Simplified advice should not be restricted to those who have cleared their debts and had other ‘priority needs' met if the Financial Conduct Authority (FCA) is serious about closing the advice gap, according to a law firm.
Current regulatory guidance on simplified advice says it will not be suitable for those who may need to reduce existing debts, as that should take precedence.
But Pinsent Masons partner Bruno Geiringer said if somebody has an investment need, "some sort" of advice would be more beneficial than no advice at all.
"People are commonly both investors and savers today, and to exclude people with debts from using a simplified advice model would reduce the size of potential customers likely to be in this segment of the market, and potentially increase the inaccessibility of people with simple needs and means to advice," he said.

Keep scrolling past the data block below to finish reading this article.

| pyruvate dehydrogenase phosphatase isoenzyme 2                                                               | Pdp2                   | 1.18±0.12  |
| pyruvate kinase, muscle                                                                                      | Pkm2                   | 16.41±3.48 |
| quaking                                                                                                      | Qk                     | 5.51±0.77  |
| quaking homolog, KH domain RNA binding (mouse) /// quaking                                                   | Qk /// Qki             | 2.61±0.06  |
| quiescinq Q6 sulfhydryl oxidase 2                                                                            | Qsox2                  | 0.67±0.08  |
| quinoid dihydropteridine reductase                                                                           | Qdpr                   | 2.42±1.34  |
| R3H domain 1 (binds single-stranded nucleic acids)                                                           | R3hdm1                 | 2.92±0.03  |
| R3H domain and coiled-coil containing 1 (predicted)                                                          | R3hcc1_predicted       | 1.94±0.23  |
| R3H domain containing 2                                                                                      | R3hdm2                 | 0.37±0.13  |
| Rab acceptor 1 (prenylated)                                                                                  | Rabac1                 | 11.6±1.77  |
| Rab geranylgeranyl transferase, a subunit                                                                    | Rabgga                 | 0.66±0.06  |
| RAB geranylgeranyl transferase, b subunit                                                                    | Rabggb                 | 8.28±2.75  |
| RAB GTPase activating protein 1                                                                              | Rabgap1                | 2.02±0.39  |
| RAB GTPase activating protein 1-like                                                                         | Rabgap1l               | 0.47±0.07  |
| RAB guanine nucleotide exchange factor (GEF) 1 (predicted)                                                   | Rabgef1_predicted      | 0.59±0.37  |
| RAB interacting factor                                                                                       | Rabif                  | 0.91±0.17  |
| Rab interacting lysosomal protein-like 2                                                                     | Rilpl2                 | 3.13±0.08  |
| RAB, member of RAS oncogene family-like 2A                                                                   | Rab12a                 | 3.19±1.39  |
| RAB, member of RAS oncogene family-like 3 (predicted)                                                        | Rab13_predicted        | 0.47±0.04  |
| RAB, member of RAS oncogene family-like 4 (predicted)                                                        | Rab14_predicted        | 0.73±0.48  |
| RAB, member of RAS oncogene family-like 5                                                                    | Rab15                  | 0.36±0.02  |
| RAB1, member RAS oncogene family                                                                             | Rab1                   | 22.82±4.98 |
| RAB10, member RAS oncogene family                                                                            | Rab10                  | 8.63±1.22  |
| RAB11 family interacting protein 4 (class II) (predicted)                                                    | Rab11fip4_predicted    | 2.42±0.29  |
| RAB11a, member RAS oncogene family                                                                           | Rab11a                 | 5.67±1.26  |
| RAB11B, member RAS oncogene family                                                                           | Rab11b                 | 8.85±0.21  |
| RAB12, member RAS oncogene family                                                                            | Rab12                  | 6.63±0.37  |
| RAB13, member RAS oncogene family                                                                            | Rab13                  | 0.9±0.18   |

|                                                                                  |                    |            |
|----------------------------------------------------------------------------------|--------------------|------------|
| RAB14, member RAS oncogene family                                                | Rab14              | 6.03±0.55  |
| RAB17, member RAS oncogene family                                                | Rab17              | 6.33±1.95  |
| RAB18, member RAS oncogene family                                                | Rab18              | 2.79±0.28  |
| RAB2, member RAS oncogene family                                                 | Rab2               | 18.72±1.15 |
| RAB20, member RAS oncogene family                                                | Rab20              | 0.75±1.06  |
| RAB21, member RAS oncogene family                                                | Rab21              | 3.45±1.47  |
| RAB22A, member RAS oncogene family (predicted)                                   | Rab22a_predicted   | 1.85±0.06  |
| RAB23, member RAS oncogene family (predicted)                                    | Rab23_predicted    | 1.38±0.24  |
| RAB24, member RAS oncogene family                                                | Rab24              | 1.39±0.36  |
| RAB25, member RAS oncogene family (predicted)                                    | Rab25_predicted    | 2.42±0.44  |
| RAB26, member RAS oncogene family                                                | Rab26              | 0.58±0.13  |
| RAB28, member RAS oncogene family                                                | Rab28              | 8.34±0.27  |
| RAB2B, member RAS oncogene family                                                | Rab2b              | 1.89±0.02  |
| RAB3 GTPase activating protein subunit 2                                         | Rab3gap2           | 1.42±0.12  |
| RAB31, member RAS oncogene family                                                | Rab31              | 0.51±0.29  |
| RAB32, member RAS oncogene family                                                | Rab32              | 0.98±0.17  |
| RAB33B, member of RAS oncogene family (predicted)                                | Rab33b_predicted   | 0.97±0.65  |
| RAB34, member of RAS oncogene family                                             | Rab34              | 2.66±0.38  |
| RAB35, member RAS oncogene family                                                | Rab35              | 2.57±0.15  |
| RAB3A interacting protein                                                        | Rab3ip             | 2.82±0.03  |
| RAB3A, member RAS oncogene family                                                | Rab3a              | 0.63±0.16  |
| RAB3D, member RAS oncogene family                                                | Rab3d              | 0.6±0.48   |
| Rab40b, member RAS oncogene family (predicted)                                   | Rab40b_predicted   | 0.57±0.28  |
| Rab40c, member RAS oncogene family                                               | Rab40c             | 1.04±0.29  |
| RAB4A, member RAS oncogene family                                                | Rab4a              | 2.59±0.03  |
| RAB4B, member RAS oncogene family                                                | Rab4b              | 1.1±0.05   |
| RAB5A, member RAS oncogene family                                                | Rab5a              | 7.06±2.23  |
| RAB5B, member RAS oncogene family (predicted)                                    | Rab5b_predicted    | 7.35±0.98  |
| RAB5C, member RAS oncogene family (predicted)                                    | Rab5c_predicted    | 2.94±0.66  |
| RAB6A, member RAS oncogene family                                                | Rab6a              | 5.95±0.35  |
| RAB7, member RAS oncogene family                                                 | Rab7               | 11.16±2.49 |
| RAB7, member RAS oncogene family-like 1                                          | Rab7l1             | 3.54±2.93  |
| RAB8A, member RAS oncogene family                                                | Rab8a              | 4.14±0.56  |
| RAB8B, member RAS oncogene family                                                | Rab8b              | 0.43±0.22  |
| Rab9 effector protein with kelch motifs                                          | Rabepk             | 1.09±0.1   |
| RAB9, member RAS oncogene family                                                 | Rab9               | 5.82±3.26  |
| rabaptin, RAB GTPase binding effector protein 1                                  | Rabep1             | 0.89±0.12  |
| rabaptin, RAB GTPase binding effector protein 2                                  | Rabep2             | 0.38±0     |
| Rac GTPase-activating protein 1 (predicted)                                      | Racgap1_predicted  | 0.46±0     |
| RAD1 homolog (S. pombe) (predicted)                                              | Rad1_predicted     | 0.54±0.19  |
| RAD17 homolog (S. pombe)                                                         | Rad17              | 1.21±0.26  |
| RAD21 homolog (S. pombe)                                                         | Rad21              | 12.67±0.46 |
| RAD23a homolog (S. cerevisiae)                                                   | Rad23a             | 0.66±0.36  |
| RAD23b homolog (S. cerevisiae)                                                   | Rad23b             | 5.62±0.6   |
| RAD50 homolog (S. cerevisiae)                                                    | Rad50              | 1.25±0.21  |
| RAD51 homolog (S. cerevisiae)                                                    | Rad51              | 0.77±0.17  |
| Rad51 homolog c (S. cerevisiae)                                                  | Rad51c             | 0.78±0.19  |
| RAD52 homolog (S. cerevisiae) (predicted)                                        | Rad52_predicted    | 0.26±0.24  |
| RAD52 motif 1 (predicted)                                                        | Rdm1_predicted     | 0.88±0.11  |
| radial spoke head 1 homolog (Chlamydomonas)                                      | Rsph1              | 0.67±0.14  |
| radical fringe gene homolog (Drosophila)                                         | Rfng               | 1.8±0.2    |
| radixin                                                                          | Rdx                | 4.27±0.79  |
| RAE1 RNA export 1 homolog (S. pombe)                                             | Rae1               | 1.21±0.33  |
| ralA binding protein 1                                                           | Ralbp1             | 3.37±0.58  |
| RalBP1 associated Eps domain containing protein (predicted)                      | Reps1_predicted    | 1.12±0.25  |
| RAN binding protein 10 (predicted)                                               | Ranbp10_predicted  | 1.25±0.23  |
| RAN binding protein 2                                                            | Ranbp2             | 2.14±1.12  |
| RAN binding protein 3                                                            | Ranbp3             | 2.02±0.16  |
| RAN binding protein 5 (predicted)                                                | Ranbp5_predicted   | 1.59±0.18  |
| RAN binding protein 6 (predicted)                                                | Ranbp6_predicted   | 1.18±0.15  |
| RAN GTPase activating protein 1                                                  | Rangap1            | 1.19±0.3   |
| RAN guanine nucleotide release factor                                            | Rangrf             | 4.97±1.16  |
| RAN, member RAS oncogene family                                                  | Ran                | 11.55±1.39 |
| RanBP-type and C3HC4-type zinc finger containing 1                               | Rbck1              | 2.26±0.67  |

Geiringer was writing in a Pinsent Masons white paper examining the content of recent FCA guidance and consultation papers, including on advice 'boundaries'.
He queried what the regulator meant by ‘priority needs'. The regulator has suggested people would need to first reduce debts, have access to some liquid cash and have their core protection needs met before accessing simplified advice.
But Geiringer said: "What is meant by ‘priority needs' anyway? This is likely to mean different things to different people. If it is an important boundary line for when simplified advice can be accessed, then the term ‘priority needs' should be made clear in the rules."
Simplified advice is not a defined term in the FCA Handbook, but has been adopted to describe ‘streamlined' advice processes which aim to address the straightforward needs of consumers.
Geiringer said it was time the regulator for the term to be "defined and included in the glossary of the FCA Handbook to be clear exactly what it means".
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